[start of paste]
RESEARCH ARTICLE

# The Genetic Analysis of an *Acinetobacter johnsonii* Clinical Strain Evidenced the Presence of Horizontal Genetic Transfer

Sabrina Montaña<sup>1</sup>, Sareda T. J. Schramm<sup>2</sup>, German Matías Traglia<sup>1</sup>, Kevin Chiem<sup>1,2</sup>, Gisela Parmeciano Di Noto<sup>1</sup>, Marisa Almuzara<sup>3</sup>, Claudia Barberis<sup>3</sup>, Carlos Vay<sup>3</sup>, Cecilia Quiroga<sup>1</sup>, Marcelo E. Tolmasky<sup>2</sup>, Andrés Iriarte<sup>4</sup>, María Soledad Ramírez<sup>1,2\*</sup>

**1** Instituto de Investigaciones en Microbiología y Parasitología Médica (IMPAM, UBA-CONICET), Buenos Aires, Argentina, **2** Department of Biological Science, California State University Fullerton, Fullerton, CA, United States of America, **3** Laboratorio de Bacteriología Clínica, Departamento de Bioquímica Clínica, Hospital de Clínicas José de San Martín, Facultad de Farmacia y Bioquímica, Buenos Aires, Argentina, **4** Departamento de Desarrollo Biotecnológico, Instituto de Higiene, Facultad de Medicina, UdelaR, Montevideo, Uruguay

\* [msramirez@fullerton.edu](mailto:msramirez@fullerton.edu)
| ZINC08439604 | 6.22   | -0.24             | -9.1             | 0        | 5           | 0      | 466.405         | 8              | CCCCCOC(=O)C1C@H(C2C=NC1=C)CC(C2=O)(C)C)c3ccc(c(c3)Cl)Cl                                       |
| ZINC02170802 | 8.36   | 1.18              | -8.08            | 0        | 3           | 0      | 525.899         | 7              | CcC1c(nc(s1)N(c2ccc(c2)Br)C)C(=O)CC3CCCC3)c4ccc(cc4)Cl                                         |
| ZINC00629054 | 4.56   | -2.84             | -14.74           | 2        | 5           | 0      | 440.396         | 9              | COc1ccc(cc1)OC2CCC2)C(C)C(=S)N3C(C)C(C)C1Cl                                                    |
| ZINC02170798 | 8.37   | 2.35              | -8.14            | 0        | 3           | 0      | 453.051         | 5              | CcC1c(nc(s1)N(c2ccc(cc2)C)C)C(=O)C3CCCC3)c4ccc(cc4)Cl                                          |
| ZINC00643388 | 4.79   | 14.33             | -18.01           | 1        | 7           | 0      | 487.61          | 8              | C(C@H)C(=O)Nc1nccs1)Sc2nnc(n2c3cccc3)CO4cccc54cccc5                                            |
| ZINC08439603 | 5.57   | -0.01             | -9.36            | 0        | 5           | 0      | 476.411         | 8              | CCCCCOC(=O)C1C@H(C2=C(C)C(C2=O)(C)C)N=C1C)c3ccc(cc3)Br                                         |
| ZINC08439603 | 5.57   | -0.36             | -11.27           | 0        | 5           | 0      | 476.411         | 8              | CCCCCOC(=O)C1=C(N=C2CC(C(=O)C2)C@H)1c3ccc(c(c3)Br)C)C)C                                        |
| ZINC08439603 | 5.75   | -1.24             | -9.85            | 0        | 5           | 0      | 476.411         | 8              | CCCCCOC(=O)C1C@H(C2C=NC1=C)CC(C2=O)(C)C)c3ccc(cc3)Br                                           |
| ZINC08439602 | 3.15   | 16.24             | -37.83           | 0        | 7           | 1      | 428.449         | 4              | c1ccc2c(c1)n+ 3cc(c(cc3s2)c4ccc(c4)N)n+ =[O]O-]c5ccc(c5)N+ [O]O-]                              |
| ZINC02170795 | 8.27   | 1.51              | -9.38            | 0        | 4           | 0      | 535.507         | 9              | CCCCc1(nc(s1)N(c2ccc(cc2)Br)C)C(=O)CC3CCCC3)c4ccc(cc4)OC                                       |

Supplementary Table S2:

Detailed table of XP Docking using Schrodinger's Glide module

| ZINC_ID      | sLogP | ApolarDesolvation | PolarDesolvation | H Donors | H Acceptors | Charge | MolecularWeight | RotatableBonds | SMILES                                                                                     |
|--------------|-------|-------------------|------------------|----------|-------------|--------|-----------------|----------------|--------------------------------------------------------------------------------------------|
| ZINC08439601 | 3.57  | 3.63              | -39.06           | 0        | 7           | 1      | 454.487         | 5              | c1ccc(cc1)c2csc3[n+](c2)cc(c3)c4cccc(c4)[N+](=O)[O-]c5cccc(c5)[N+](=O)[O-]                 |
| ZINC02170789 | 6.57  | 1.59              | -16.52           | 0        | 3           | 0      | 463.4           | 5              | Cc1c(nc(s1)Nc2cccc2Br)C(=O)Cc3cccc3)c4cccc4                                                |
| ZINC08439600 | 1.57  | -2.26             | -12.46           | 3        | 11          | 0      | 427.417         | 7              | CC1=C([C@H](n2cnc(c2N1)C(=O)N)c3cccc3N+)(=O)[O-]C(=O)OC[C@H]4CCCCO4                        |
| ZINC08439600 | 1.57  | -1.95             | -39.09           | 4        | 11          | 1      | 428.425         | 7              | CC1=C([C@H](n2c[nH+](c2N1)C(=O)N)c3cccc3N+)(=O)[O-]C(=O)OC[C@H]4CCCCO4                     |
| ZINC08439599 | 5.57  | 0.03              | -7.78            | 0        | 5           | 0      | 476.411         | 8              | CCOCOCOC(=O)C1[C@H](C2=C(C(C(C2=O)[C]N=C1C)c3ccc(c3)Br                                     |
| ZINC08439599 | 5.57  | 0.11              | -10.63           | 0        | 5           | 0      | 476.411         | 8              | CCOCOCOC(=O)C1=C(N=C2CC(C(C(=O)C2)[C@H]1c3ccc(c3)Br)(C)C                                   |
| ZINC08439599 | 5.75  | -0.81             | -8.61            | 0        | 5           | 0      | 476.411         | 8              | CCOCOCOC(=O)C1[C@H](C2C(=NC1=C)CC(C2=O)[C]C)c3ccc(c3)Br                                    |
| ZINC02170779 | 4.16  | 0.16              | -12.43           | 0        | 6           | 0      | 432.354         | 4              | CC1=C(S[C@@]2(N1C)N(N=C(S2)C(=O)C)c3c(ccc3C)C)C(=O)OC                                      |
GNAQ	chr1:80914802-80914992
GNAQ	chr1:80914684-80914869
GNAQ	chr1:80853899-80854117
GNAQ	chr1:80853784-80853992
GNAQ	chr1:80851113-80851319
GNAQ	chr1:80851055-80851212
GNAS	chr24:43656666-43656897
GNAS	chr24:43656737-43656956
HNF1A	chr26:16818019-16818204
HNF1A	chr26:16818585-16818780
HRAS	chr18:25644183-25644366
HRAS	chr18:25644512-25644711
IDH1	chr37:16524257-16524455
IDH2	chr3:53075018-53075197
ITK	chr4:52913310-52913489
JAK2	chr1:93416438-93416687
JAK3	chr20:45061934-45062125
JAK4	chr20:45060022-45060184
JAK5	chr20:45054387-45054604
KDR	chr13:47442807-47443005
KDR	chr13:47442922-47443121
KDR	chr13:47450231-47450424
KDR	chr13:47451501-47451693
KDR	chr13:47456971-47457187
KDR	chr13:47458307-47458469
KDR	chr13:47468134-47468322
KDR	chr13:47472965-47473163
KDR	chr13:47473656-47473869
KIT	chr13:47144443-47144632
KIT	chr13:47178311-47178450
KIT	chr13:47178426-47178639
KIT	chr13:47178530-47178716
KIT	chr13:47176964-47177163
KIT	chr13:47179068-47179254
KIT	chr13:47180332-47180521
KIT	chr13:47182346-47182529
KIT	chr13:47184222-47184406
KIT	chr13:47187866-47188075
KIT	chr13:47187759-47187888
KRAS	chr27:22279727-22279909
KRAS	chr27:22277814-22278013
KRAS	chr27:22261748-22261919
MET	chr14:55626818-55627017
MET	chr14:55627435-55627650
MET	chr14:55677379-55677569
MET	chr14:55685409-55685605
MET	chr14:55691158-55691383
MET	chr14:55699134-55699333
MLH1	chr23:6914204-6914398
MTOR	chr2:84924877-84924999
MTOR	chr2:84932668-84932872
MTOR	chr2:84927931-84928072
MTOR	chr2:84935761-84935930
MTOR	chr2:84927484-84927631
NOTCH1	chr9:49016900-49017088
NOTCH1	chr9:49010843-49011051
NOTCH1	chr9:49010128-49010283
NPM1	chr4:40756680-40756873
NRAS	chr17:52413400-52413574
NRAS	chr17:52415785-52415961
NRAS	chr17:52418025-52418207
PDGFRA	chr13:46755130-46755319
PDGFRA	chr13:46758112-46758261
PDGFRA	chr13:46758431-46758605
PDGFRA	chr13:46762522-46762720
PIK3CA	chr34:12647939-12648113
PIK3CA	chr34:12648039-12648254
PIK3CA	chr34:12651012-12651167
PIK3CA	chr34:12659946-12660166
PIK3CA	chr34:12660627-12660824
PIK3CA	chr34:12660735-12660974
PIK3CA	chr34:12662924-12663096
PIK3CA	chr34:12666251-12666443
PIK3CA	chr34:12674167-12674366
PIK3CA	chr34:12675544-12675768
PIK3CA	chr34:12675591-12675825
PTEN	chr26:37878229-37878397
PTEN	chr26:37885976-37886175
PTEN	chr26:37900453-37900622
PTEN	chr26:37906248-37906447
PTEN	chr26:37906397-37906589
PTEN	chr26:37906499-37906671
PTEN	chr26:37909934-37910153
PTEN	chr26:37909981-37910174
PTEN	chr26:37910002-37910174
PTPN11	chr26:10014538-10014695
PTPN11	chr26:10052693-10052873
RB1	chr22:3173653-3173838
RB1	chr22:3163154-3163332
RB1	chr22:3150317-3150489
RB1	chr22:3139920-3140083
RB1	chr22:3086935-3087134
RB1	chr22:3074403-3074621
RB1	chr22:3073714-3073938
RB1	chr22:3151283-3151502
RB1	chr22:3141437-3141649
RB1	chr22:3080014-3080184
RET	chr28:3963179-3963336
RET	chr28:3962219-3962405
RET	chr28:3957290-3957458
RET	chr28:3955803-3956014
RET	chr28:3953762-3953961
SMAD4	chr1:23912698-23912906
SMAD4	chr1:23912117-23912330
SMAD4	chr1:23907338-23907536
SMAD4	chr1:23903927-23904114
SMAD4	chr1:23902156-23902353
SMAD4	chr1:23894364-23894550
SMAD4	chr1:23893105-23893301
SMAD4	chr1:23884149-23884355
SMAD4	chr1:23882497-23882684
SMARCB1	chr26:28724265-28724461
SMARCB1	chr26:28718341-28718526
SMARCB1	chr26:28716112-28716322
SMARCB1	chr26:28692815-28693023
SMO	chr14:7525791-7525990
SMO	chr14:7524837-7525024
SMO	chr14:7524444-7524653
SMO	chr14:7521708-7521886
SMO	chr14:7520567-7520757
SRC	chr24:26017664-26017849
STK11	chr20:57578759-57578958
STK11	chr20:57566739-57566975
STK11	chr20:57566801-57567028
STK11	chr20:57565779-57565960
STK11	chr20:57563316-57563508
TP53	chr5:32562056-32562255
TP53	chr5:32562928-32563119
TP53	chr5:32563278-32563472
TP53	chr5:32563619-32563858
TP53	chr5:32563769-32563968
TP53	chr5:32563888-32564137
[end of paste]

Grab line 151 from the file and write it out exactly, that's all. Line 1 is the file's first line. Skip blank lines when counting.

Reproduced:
STK11	chr20:57566801-57567028